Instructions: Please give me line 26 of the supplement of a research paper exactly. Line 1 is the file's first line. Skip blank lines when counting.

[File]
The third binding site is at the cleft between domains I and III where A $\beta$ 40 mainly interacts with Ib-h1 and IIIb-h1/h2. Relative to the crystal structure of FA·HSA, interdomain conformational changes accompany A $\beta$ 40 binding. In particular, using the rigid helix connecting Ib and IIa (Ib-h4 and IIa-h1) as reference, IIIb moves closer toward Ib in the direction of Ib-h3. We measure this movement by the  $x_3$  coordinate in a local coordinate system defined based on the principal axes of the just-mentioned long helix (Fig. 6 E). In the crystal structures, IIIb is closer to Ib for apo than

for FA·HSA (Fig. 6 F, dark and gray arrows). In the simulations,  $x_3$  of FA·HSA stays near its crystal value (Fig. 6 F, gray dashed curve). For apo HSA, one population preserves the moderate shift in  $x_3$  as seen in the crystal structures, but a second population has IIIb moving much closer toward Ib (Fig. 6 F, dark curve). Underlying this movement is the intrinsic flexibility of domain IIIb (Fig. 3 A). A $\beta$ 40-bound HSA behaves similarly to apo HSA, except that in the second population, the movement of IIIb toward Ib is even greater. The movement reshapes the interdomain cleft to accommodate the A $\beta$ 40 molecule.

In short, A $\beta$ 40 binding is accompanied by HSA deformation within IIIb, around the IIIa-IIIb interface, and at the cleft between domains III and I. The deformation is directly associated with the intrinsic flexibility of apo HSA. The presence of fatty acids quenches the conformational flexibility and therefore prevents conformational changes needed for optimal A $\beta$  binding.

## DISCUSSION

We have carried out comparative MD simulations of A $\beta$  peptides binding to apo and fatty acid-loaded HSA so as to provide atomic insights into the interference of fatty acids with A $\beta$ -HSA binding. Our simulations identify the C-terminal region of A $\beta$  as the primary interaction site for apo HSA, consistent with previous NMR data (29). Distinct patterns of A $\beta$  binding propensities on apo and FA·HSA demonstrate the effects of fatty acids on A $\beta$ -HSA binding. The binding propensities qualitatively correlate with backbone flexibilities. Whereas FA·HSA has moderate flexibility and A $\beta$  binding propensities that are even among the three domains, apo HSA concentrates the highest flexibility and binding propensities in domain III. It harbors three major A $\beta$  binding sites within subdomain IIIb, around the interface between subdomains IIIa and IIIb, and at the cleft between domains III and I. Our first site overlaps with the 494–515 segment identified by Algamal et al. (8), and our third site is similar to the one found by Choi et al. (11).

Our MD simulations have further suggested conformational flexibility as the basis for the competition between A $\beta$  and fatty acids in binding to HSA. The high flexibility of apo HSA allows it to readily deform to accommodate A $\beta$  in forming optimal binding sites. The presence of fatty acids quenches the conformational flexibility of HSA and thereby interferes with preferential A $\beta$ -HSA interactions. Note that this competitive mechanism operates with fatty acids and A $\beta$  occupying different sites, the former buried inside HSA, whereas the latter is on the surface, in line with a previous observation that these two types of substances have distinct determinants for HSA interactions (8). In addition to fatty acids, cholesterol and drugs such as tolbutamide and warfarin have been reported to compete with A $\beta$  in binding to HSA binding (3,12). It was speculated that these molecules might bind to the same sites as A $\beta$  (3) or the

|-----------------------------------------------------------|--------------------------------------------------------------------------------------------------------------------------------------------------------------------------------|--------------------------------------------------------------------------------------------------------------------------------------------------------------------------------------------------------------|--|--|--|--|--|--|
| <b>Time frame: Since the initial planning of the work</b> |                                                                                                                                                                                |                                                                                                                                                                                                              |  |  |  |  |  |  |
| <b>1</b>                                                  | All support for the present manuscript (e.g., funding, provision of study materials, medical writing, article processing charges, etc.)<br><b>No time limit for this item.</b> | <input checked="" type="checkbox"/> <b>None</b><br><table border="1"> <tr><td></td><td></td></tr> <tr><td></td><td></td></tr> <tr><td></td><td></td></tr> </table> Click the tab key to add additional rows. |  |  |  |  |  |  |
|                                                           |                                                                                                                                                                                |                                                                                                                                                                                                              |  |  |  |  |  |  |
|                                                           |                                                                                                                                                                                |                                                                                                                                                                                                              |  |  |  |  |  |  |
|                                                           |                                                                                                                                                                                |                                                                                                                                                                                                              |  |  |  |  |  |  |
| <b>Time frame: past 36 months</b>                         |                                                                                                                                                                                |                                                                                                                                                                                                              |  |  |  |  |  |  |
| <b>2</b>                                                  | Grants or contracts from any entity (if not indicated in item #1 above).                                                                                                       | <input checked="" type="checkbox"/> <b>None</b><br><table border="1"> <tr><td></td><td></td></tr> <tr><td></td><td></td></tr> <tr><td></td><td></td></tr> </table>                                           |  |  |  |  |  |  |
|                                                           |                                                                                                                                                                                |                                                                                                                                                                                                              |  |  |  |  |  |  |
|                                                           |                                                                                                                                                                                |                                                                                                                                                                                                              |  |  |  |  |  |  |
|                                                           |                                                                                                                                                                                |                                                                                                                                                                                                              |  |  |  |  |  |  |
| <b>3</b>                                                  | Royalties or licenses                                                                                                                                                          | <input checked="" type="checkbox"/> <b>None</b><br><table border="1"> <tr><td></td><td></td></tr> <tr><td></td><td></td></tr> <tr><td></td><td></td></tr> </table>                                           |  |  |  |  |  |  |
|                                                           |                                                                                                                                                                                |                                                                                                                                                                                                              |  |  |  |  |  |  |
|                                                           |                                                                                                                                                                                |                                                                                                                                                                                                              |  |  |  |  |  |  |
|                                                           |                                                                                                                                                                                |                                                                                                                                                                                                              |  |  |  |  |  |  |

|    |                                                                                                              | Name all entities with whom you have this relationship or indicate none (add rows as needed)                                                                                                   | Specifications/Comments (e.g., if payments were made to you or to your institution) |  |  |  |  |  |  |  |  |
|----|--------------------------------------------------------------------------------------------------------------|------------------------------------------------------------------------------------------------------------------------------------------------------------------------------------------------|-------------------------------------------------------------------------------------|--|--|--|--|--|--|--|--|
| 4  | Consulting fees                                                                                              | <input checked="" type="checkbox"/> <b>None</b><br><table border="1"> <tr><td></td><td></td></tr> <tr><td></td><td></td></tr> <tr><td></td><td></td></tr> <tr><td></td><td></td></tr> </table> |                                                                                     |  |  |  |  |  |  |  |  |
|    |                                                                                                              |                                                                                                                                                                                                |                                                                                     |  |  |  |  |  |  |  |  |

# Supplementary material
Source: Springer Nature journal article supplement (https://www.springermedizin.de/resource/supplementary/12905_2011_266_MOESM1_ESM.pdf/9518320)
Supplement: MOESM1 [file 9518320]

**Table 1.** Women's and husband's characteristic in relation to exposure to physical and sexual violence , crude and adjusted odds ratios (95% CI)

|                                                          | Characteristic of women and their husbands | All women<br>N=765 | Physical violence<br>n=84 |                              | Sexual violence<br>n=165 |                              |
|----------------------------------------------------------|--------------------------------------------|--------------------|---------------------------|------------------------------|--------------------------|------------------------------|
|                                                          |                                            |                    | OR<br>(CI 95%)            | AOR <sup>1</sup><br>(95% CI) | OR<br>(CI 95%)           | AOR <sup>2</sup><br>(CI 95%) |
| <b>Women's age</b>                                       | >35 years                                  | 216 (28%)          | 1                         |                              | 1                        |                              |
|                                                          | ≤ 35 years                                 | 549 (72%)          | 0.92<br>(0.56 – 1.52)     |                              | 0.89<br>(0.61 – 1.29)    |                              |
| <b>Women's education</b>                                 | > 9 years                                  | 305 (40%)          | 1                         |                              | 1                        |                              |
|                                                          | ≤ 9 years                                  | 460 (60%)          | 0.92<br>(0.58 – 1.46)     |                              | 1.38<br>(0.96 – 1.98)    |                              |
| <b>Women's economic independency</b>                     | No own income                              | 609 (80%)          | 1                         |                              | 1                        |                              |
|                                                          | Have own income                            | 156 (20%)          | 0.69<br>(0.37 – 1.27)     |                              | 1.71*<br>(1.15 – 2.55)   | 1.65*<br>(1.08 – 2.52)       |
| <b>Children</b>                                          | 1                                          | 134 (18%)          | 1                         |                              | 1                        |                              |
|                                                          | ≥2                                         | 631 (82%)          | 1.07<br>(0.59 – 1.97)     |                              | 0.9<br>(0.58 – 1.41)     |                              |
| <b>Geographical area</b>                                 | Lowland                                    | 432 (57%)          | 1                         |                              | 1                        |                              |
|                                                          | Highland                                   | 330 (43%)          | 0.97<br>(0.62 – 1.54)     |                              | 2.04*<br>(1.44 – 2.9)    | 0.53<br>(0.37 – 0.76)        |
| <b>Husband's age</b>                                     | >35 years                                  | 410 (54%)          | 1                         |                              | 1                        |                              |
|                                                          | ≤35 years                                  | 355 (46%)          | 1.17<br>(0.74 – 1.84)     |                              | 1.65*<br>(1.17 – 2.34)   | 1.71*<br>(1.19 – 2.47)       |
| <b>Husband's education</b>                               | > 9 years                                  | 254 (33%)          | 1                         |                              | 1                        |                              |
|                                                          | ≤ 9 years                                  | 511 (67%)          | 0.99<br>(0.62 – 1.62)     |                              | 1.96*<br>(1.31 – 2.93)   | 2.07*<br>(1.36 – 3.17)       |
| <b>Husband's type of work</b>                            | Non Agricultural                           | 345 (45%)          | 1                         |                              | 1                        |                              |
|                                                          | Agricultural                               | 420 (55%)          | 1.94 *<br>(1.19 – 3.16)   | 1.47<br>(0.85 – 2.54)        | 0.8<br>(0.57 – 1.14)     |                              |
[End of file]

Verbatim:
# Supplementary material